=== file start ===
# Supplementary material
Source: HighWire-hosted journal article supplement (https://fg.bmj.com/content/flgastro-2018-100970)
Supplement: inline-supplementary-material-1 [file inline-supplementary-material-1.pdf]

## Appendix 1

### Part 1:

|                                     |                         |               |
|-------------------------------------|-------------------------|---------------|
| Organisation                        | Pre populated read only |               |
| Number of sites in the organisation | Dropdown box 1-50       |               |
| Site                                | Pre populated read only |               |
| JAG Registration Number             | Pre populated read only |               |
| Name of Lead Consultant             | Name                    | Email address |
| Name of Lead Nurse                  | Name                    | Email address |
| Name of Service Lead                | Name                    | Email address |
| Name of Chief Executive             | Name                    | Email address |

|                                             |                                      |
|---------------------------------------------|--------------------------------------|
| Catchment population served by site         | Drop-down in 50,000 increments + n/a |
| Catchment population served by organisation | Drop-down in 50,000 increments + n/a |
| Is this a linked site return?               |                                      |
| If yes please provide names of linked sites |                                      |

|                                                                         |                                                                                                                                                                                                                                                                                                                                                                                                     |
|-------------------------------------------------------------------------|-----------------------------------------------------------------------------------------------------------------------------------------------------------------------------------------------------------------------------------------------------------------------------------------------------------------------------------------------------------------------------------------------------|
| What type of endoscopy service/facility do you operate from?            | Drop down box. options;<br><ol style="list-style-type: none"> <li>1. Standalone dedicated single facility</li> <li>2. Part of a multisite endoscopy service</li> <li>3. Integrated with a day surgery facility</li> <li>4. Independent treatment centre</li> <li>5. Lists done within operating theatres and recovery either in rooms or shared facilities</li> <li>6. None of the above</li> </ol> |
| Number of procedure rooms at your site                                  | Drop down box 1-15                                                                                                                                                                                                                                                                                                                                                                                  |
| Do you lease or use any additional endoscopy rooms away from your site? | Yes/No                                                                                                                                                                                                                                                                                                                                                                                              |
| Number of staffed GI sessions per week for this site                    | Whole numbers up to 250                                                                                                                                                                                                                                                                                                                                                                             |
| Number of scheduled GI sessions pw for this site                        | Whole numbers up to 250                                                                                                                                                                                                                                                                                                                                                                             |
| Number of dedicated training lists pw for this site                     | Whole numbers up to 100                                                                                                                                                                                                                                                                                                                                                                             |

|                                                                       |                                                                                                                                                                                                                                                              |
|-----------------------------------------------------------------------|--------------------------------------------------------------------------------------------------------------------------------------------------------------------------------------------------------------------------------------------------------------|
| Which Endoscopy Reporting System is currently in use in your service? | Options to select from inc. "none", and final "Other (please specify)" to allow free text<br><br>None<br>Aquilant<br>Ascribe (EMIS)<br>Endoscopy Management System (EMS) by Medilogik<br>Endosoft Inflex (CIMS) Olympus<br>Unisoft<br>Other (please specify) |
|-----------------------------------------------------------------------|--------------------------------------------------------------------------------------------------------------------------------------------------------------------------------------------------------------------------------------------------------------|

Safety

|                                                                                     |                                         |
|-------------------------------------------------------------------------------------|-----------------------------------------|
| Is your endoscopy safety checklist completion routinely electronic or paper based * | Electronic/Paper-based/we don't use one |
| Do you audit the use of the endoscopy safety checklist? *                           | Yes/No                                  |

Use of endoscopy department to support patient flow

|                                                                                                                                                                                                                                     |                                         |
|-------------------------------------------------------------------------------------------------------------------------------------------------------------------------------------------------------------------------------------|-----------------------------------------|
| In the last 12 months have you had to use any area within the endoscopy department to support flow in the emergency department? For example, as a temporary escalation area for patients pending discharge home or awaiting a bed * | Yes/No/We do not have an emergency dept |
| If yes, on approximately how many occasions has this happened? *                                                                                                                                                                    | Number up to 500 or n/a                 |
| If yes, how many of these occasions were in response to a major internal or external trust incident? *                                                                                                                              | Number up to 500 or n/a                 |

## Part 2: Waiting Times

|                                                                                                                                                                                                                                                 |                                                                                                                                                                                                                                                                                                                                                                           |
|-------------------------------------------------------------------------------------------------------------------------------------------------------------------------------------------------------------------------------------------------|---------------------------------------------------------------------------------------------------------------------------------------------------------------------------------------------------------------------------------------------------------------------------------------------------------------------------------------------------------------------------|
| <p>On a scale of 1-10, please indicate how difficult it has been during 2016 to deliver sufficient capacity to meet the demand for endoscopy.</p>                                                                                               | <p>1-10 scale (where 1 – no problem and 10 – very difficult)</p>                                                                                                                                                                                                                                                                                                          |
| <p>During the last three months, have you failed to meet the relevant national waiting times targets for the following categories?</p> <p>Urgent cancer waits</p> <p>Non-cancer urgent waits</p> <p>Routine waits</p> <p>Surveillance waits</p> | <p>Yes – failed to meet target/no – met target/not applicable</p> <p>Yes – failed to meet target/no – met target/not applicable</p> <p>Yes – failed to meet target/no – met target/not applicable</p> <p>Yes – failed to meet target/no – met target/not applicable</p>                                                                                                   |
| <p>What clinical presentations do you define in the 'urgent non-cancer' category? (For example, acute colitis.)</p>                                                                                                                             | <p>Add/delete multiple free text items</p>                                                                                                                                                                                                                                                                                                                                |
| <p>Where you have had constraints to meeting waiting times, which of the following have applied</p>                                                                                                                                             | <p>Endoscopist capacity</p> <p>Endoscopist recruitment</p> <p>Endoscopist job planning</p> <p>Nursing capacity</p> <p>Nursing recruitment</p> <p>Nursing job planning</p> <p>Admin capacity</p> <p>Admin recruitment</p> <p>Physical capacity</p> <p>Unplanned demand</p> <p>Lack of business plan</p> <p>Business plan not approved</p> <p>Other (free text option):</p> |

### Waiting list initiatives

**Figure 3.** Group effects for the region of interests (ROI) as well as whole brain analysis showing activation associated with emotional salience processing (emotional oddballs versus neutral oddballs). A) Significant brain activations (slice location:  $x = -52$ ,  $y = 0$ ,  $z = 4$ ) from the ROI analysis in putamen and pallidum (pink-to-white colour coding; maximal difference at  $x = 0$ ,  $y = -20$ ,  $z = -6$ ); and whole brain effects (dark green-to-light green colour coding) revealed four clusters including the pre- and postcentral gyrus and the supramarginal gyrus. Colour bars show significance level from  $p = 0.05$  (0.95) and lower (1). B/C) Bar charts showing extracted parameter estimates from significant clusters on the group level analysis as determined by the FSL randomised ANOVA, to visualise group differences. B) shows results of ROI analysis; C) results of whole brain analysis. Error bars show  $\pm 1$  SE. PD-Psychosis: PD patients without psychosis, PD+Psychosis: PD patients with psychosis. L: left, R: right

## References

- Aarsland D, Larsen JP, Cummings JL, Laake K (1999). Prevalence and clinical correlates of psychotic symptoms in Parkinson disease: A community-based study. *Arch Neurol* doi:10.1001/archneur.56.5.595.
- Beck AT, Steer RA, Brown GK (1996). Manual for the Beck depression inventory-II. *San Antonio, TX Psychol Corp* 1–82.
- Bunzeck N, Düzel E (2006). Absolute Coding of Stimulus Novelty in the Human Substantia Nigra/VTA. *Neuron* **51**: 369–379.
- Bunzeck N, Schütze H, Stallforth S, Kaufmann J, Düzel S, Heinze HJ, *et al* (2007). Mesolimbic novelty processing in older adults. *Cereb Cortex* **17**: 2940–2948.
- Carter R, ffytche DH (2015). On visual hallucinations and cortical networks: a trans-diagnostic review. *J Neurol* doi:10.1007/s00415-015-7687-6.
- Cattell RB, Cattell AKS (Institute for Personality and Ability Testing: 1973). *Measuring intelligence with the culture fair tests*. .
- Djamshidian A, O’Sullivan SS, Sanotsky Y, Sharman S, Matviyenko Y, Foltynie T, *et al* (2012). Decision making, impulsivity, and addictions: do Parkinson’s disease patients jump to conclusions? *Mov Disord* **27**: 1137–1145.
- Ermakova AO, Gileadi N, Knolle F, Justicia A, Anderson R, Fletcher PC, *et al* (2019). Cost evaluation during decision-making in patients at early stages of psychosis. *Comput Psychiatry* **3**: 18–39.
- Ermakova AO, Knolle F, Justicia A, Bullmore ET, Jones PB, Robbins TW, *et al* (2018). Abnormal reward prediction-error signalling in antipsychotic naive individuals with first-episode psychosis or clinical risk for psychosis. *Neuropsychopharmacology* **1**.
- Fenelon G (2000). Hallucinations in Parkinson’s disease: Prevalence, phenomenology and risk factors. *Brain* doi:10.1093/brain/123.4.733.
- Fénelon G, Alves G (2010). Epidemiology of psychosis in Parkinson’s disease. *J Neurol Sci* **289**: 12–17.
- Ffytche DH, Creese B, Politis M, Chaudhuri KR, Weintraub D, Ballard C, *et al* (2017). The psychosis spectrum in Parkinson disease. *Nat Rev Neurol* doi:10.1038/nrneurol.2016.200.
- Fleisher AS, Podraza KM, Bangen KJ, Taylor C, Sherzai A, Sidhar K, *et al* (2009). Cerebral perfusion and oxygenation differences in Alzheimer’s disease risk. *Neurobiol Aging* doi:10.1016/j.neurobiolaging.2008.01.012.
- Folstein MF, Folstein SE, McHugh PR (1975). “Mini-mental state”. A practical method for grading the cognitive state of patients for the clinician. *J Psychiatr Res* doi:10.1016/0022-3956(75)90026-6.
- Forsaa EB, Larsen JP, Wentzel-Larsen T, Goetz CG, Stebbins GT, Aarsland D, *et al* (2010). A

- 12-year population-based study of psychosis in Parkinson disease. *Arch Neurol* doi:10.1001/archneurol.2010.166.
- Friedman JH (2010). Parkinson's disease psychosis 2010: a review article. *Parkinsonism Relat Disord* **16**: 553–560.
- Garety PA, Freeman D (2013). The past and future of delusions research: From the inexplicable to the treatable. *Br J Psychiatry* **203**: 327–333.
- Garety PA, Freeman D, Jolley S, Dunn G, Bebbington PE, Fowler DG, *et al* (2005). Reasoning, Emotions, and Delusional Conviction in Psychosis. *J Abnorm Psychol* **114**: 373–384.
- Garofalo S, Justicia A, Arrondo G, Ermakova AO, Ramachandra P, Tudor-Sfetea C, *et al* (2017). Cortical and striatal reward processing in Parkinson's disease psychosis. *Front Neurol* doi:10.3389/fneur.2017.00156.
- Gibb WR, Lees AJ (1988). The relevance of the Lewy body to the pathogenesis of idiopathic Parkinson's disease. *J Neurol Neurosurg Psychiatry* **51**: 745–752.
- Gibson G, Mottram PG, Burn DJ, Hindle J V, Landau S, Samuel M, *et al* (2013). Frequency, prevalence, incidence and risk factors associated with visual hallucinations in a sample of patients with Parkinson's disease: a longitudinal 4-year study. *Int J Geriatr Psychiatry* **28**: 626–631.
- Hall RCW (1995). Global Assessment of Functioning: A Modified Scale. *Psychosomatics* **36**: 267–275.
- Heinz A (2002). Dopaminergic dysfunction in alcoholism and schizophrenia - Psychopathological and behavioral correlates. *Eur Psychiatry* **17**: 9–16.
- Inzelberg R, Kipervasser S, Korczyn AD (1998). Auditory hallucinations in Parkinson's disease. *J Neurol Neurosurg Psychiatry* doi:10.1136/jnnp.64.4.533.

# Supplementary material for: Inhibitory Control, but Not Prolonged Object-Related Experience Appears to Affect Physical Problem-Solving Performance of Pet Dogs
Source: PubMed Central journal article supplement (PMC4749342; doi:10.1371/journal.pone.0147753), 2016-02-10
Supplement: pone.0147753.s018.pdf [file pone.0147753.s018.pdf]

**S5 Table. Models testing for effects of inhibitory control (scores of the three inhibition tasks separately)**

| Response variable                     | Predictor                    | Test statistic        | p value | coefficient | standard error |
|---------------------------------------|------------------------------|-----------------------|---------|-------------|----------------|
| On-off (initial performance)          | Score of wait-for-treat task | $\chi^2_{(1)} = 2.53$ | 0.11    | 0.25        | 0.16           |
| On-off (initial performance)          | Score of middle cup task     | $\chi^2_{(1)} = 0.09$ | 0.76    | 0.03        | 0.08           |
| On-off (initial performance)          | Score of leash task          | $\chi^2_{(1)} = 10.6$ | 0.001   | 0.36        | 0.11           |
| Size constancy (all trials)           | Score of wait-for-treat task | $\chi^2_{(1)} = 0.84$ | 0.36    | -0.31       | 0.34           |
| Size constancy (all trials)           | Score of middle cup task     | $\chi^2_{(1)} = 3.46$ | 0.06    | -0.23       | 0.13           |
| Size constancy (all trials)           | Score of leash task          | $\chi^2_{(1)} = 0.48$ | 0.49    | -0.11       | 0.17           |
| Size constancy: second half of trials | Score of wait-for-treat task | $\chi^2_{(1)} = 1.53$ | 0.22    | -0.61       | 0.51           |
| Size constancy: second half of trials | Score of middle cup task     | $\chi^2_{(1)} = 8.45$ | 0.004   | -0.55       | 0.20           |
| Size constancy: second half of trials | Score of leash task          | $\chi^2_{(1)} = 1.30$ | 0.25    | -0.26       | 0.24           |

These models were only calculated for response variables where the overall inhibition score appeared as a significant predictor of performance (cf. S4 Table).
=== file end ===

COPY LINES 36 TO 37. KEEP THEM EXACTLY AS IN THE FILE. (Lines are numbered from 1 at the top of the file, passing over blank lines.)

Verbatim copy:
|-------------------------------------------------------------------------------------|-----------------------------------------|
| Is your endoscopy safety checklist completion routinely electronic or paper based * | Electronic/Paper-based/we don't use one |